ADA violations to cost city millions

Published On: Jun 14 2012 05:04:39 PM EDT
Updated On: Jun 14 2012 09:31:51 PM EDT

The U.S. Justice Department says buildings such as City Hall and Veterans Memorial Arena do not comply with the Americans with Disabilities Act, and they aren't fully accessible by disabled people. Now, the city faces a lawsuit if it doesn't have these buildings fixed.

JACKSONVILLE, Fla. -

Duval County taxpayers must pay $37 million to fix buildings, parks and other city property that the federal government found were not accessible to people with disabilities.

Last November, the Department of Justice and the city of Jacksonville agreed to a settlement agreement that detailed more than 2,000 items not in compliance with the American with Disabilities Act.

"It's very frustrating," said Sharon Hoffmeyer, who has Muscular Dystrophy. "I've lost jobs because of non-compliant buildings in Riverside."

Jacksonville has agreed to make hundreds of changes in dozens of places, including City, Hall, the Downtown Library, the Baseball Grounds and Metropolitan Park.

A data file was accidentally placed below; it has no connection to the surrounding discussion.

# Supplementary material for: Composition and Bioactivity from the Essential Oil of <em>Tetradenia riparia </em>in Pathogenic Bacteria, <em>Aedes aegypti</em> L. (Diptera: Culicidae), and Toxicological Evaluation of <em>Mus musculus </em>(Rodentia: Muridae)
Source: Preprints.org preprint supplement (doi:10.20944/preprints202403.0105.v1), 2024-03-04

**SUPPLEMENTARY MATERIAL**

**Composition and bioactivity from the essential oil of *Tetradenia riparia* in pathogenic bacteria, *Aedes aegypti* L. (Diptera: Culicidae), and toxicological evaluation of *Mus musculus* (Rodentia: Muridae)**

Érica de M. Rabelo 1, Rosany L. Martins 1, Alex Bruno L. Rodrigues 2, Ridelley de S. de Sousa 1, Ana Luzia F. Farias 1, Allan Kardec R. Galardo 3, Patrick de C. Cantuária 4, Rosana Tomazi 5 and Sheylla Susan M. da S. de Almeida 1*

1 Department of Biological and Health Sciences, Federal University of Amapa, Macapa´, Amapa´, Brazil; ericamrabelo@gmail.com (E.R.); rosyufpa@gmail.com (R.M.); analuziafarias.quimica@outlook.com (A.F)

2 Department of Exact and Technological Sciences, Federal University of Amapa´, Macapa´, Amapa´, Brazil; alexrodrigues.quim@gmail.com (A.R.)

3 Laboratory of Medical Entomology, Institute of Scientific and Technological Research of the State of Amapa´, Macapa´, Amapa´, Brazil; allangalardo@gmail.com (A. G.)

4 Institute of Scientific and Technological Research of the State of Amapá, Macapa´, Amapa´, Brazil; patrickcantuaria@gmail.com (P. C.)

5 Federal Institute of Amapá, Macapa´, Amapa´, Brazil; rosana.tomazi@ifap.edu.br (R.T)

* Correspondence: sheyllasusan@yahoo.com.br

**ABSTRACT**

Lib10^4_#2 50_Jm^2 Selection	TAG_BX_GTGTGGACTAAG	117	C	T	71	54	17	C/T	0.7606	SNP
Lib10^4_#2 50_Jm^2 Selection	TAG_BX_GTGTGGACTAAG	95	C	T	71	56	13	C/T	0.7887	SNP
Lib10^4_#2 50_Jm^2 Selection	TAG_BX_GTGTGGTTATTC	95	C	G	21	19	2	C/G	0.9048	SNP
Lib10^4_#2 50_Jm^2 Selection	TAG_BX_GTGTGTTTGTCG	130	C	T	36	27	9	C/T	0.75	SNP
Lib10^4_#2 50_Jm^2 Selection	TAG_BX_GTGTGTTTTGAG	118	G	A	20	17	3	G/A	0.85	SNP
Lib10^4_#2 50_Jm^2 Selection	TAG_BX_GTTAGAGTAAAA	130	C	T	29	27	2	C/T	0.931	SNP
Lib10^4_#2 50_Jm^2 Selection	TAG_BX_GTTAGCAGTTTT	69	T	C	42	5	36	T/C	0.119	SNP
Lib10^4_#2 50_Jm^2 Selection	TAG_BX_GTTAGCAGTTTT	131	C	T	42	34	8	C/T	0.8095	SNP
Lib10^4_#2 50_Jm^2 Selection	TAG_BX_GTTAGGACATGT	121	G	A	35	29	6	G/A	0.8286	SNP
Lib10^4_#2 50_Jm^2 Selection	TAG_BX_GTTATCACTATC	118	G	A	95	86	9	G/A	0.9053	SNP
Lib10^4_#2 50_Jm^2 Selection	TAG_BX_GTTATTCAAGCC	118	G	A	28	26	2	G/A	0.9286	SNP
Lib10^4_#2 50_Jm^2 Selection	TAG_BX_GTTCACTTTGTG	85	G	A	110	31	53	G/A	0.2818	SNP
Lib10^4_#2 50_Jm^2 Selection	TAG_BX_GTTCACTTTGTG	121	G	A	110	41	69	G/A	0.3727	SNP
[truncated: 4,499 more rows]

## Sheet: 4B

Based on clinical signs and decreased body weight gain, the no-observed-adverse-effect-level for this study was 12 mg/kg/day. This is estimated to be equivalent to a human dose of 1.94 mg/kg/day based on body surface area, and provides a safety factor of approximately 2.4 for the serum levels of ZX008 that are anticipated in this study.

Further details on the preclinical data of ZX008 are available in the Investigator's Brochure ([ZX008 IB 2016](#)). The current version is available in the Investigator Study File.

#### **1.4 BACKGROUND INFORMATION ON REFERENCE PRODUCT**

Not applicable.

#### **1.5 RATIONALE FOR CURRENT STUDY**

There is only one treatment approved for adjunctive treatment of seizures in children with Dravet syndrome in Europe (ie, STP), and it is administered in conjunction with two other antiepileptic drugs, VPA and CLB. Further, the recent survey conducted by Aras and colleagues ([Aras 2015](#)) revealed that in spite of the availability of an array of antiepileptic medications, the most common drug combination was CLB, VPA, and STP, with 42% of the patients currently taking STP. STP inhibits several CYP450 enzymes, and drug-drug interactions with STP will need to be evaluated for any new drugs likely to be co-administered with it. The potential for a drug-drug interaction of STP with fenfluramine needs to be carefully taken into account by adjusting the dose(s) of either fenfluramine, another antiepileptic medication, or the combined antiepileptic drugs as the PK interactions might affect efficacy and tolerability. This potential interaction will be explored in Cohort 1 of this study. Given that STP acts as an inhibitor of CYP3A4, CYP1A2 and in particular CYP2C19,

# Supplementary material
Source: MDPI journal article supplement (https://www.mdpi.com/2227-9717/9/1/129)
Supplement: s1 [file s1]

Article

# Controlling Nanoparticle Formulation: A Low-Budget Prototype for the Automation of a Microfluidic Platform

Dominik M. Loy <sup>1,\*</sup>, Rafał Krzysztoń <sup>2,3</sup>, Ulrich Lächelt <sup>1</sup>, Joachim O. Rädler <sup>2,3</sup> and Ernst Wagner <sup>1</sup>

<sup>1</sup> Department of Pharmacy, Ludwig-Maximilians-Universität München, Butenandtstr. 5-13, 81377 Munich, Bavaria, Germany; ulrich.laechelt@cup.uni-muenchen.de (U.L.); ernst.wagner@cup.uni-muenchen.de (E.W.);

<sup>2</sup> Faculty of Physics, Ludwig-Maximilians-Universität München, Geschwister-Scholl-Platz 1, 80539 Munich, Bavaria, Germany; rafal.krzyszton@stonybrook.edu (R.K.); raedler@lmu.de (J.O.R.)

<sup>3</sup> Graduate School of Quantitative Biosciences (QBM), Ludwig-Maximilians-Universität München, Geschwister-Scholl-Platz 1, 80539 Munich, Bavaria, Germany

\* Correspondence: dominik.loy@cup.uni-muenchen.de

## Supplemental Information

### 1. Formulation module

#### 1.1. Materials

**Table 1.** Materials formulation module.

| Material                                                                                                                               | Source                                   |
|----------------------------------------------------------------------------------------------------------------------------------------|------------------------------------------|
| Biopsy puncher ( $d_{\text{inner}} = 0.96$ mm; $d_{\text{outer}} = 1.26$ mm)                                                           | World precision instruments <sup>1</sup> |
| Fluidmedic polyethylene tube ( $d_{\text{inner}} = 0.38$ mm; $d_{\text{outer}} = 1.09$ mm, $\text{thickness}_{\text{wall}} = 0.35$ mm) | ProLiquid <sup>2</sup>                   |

While the city says most of the violations were just oversights.

"Everything originally starts (ADA compliant), and then through changes and specs and plans or construction issues come up," said Beth Meyer, the city's ADA coordinator.

An example of an ADA violation is a elevator that begins to close 5 seconds after they open -- not long enough for someone in a wheelchair to effectively use.

The violations surfaced as a result of a May 2011 investigation by the DOJ -- part of a routine check that the government does on cities across the country. While the changes will be made over the next five years to avoid a lawsuit, Meyer says they are needed because one in seven people in Jacksonville are disabled.

"Project Civic Access is specifically about removing physical barriers and removing communication barriers," Meyer said.

Hoffmeyer says the changes are a step in the right direction because while inches may not mean much to the general public, they can make a huge difference to her.

"For me being able to access a building or just go about my everyday life without having to worry whether a wheelchair is going to fit through the door or whether there's a curb I'll be able to get off of," Hoffmeyer said.

Documents from case:

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